Optical character recognition (OCR) software is used to produce a text or word-processing file from a scanned image, which in turn may have been produced from a fax or other form of hard copy.

The only "industrial-strength" but affordable optical character application available to my knowledge at the present time is ABBYY's Finereader OCR CLI. This product has two drawbacks: it's available only as a command-line application, and it comes with a hefty price tag of €199 in Europe. (This pricing option also limits the number of scanned pages to 12,000 pages year, but most translators are unlikely to exceed their limit, unless they are digitizing all their paper dictionaries at once).

Alternatives to ABBYY Finereader exist, notably the free and open-source Tesseract. My own tests have found these to far fall short of the results delivered by ABBYY Finereader, most importantly in their test recognition accuracy: if you have to spend a lot of time correcting the output, it somewhat defeats the object. There is however a lot that you can do at the preparatory stage (such as adjusting the contrast, correcting skew, etc.) to improve the results of the scan stage itself.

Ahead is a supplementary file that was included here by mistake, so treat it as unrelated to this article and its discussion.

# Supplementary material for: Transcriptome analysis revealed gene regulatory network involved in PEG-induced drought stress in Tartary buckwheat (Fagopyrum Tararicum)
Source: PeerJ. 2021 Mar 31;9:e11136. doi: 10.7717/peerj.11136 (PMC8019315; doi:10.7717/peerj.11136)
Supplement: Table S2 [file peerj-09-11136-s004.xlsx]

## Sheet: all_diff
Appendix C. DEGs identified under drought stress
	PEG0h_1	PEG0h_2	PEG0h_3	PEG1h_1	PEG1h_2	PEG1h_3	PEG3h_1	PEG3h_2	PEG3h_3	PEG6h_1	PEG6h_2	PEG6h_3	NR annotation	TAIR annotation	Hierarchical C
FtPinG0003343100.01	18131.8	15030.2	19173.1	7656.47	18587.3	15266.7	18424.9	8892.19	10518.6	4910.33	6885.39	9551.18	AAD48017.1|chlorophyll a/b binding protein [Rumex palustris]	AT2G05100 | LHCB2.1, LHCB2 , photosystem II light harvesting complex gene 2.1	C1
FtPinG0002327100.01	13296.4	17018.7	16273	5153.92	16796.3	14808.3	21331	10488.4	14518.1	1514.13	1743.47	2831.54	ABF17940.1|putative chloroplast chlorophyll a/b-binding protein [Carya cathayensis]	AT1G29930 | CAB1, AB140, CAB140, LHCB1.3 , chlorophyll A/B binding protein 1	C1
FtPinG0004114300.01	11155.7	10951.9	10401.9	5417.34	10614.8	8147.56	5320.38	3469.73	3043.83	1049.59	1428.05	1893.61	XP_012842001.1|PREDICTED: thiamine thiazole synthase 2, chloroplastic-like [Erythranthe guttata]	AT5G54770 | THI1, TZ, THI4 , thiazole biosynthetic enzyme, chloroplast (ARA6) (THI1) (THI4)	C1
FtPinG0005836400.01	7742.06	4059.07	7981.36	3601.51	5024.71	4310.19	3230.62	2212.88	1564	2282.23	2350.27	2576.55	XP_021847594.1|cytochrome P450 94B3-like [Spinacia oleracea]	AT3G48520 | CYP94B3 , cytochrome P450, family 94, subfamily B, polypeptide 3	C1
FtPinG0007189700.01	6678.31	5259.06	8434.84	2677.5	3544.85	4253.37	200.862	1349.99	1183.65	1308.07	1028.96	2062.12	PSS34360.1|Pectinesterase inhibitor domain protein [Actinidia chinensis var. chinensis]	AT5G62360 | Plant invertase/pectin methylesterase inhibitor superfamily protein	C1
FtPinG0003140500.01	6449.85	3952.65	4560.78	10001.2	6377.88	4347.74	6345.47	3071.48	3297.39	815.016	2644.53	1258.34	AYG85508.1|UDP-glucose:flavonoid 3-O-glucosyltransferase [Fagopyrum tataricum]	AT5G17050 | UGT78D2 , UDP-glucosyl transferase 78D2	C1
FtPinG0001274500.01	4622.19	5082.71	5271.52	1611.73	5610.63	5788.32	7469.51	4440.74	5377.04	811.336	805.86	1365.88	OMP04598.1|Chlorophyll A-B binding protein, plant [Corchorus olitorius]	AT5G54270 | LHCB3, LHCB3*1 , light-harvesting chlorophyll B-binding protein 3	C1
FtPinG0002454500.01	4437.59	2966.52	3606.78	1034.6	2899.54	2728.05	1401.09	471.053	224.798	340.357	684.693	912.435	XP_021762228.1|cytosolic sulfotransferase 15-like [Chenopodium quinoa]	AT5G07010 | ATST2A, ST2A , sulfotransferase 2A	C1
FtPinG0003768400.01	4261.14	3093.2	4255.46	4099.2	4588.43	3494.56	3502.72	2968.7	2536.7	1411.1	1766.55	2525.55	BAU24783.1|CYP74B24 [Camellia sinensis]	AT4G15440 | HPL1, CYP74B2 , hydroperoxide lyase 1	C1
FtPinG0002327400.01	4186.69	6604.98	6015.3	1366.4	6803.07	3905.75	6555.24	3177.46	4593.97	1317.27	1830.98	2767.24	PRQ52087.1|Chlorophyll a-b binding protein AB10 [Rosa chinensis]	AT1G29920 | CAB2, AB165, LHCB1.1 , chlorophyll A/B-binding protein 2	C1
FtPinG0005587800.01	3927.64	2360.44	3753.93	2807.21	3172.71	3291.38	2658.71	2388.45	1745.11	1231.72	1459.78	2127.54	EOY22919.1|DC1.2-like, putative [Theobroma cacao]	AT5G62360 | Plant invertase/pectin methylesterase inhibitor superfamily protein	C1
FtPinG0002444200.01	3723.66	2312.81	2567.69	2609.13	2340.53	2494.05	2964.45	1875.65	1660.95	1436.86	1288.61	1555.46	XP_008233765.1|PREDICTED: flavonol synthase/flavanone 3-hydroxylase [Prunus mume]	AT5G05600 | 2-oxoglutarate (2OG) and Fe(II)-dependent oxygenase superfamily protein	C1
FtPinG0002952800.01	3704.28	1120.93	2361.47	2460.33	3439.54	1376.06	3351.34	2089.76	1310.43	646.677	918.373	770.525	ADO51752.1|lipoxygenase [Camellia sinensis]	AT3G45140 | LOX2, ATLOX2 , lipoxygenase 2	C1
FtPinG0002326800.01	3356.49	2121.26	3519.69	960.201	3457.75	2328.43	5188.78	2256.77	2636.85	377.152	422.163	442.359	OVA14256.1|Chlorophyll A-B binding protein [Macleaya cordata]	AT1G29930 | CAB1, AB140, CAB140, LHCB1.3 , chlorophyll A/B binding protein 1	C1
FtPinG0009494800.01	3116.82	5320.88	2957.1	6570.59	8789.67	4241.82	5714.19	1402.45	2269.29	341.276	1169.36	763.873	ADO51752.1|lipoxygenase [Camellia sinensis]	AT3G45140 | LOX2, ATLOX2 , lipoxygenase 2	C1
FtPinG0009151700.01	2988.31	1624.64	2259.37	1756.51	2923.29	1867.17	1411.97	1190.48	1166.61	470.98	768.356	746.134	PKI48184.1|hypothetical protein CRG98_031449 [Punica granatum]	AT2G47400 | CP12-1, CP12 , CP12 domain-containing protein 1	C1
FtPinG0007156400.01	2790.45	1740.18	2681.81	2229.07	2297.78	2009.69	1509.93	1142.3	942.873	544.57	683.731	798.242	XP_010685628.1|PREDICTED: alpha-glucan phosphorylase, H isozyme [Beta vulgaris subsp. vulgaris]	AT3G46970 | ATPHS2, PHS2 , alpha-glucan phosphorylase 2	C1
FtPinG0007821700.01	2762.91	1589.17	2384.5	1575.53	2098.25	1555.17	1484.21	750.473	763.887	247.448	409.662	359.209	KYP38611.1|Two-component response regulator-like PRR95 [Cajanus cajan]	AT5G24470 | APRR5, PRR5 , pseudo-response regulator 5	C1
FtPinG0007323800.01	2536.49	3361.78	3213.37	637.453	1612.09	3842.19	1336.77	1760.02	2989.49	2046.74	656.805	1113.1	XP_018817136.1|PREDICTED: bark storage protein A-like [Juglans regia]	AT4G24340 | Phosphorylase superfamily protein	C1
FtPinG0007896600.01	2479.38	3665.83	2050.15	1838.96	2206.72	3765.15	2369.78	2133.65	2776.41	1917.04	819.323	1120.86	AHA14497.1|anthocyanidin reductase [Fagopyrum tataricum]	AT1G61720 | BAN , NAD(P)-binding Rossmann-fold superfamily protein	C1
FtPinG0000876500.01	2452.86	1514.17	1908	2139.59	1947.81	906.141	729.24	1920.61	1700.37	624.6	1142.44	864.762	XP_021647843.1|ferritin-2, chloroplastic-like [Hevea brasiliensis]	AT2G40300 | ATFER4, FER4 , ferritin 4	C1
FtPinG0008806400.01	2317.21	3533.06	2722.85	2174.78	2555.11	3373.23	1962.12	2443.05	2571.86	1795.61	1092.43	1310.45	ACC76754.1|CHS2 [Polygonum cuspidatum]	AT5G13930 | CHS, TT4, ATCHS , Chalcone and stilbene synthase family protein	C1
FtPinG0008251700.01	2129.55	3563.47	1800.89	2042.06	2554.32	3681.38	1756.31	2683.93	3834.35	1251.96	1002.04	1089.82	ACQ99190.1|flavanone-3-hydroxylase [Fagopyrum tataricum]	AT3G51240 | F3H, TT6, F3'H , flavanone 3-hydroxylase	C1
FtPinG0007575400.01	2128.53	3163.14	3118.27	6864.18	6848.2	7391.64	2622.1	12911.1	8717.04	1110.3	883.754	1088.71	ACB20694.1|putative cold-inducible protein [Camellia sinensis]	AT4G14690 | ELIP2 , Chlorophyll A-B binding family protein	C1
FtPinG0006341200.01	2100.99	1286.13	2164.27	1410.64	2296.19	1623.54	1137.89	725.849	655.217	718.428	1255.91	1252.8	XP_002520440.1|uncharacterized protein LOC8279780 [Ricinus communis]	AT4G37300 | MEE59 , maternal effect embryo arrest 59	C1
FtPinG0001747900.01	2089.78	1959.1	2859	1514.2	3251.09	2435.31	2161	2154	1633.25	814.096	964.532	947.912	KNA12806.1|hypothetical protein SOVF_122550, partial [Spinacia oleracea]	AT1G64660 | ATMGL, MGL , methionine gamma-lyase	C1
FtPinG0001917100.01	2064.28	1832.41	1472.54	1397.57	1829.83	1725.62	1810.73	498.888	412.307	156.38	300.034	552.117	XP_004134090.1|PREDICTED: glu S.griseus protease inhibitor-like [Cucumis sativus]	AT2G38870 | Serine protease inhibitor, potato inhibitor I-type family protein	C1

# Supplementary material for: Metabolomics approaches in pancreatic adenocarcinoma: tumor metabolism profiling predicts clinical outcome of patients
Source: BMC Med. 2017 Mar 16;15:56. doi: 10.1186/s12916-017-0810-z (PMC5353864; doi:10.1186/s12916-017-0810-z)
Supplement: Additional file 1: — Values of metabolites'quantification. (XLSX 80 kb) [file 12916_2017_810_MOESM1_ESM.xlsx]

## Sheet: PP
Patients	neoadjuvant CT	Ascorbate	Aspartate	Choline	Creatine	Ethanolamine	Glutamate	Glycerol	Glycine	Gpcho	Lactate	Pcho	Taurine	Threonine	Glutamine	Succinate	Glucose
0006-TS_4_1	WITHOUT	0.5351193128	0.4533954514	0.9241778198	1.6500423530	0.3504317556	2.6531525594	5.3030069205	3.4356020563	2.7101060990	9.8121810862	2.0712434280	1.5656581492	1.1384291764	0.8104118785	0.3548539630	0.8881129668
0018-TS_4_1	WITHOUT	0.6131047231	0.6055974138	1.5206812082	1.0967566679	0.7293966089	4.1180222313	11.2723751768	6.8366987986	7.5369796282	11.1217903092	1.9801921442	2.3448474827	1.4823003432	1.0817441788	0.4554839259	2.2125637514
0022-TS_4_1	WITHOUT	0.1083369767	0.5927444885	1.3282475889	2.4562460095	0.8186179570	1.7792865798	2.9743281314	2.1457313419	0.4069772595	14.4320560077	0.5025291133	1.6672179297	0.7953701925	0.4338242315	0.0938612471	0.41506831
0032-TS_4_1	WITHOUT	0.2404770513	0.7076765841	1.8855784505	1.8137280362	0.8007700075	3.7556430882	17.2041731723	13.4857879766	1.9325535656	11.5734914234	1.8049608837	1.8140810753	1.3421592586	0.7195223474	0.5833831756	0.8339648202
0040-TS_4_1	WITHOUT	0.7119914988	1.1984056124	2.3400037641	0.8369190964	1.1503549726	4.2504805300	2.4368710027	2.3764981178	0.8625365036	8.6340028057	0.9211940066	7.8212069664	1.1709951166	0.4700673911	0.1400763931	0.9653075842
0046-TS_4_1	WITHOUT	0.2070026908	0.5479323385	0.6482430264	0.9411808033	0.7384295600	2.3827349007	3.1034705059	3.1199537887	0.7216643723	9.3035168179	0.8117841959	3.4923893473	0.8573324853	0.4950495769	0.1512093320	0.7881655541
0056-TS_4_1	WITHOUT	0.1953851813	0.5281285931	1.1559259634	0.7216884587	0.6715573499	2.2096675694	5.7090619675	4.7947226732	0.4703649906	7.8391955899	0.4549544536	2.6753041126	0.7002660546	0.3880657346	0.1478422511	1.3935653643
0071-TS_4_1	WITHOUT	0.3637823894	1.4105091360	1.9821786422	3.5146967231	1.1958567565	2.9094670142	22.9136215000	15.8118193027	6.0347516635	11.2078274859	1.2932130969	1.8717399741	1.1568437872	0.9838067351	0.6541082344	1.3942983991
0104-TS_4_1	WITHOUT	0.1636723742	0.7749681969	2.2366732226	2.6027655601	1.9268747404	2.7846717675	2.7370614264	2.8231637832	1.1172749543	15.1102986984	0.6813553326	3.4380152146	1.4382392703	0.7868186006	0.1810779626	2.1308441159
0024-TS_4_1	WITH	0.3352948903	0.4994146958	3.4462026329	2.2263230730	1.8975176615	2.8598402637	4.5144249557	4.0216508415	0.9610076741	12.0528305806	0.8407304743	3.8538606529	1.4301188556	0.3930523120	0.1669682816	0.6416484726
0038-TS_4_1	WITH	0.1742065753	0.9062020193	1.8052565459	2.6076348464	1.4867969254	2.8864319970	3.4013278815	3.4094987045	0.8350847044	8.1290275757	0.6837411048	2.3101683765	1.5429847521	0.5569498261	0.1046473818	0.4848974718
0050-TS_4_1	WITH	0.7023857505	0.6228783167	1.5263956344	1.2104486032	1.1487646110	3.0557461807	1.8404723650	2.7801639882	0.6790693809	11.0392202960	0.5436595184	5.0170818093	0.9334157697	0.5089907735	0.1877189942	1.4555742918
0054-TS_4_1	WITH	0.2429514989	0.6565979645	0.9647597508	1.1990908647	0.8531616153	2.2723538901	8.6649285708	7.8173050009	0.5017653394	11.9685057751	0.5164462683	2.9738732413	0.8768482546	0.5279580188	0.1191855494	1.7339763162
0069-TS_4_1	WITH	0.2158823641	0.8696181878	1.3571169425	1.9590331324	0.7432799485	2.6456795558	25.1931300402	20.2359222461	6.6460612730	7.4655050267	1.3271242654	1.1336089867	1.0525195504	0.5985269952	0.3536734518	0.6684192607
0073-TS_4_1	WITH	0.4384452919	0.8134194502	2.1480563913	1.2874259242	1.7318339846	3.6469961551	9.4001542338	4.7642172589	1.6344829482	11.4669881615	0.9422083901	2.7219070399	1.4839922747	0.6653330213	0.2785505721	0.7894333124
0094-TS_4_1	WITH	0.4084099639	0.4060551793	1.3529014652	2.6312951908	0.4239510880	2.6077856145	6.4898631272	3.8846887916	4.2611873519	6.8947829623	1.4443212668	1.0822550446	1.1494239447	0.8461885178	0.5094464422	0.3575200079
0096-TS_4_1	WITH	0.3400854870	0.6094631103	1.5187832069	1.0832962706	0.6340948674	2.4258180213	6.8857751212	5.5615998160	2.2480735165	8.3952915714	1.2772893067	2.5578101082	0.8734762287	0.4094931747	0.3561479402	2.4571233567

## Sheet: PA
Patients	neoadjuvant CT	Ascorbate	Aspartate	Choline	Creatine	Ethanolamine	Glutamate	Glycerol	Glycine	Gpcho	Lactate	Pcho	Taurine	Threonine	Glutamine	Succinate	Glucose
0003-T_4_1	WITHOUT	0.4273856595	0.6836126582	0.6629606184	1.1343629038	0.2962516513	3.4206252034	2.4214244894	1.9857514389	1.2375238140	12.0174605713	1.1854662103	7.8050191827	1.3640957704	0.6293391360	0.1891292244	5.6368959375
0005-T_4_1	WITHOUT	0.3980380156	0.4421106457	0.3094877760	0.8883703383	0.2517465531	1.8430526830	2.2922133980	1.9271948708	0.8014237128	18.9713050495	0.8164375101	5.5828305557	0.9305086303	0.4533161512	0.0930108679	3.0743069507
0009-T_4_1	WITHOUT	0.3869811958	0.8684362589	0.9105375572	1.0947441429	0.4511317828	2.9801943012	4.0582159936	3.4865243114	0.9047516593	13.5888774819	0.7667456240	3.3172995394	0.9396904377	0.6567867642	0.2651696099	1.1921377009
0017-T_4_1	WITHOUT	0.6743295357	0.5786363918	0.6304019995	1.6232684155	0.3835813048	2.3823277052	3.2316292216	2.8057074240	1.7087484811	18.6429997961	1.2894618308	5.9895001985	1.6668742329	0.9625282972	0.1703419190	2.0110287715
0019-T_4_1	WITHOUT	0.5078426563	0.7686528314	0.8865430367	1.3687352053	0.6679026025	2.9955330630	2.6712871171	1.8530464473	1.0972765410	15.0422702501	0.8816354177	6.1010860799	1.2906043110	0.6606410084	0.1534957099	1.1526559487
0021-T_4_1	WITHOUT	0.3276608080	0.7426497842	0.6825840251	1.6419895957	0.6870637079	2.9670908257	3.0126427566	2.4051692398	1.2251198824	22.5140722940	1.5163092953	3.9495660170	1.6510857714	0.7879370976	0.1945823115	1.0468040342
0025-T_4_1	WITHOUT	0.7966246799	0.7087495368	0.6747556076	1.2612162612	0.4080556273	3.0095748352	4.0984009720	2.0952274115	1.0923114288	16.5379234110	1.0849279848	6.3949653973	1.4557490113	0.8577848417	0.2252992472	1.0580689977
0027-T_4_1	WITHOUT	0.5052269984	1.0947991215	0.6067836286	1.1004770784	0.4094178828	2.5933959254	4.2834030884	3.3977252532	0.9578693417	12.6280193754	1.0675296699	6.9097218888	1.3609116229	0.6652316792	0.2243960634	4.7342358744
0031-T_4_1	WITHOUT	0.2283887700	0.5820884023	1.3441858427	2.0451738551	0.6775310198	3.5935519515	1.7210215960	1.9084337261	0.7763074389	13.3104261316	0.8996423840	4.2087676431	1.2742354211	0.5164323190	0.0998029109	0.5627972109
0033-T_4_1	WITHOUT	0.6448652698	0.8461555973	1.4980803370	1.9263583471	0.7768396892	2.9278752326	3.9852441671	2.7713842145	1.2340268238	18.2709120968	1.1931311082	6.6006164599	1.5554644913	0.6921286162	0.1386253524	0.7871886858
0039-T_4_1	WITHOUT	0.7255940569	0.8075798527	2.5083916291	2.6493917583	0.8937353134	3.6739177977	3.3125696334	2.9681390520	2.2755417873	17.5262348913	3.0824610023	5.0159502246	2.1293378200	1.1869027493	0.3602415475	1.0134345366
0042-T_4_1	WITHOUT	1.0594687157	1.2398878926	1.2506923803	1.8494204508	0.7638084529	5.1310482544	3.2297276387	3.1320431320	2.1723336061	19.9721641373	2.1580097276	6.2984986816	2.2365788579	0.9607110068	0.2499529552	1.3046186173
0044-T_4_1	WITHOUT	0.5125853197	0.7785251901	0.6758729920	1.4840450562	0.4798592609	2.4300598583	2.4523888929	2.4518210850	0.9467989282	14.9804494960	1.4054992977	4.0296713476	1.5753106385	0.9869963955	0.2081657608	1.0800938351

Besides its text recognition accuracy, ABBYY Finereader also does a good job of exporting to a Microsoft Word file and reproducing complex page layouts. It does this so well in fact that it is worth using to scan "proper" PDF files, i.e. those including machine-readable text which as such requires no OCR.

PDF file (shown in Okular) and results of scanning exported to docx format (shown in LibreOffice)
PDF file (shown in Okular) and results of scanning exported to docx format (shown in LibreOffice)

For the record, mention should also be made of Vividata. Some years ago, I tried the demonstration version of Vividata's "OCR Shop XTR Lite" (also a command-line application. Despite the command-line interface, it was easy to use, and the results were outstanding.

Even in its cheapest version however, the price of Vividata's OCR software is well into four figures. Clearly, the vendor is not targeting the single-user desktop market, but areas such as perhaps libraries seeking to digitize their entire stock.

An alternative to using optical character recognition on the desktop is to take advantage of online services, such as ABBYY Finereader online.

> TranslateOnLinux: OCR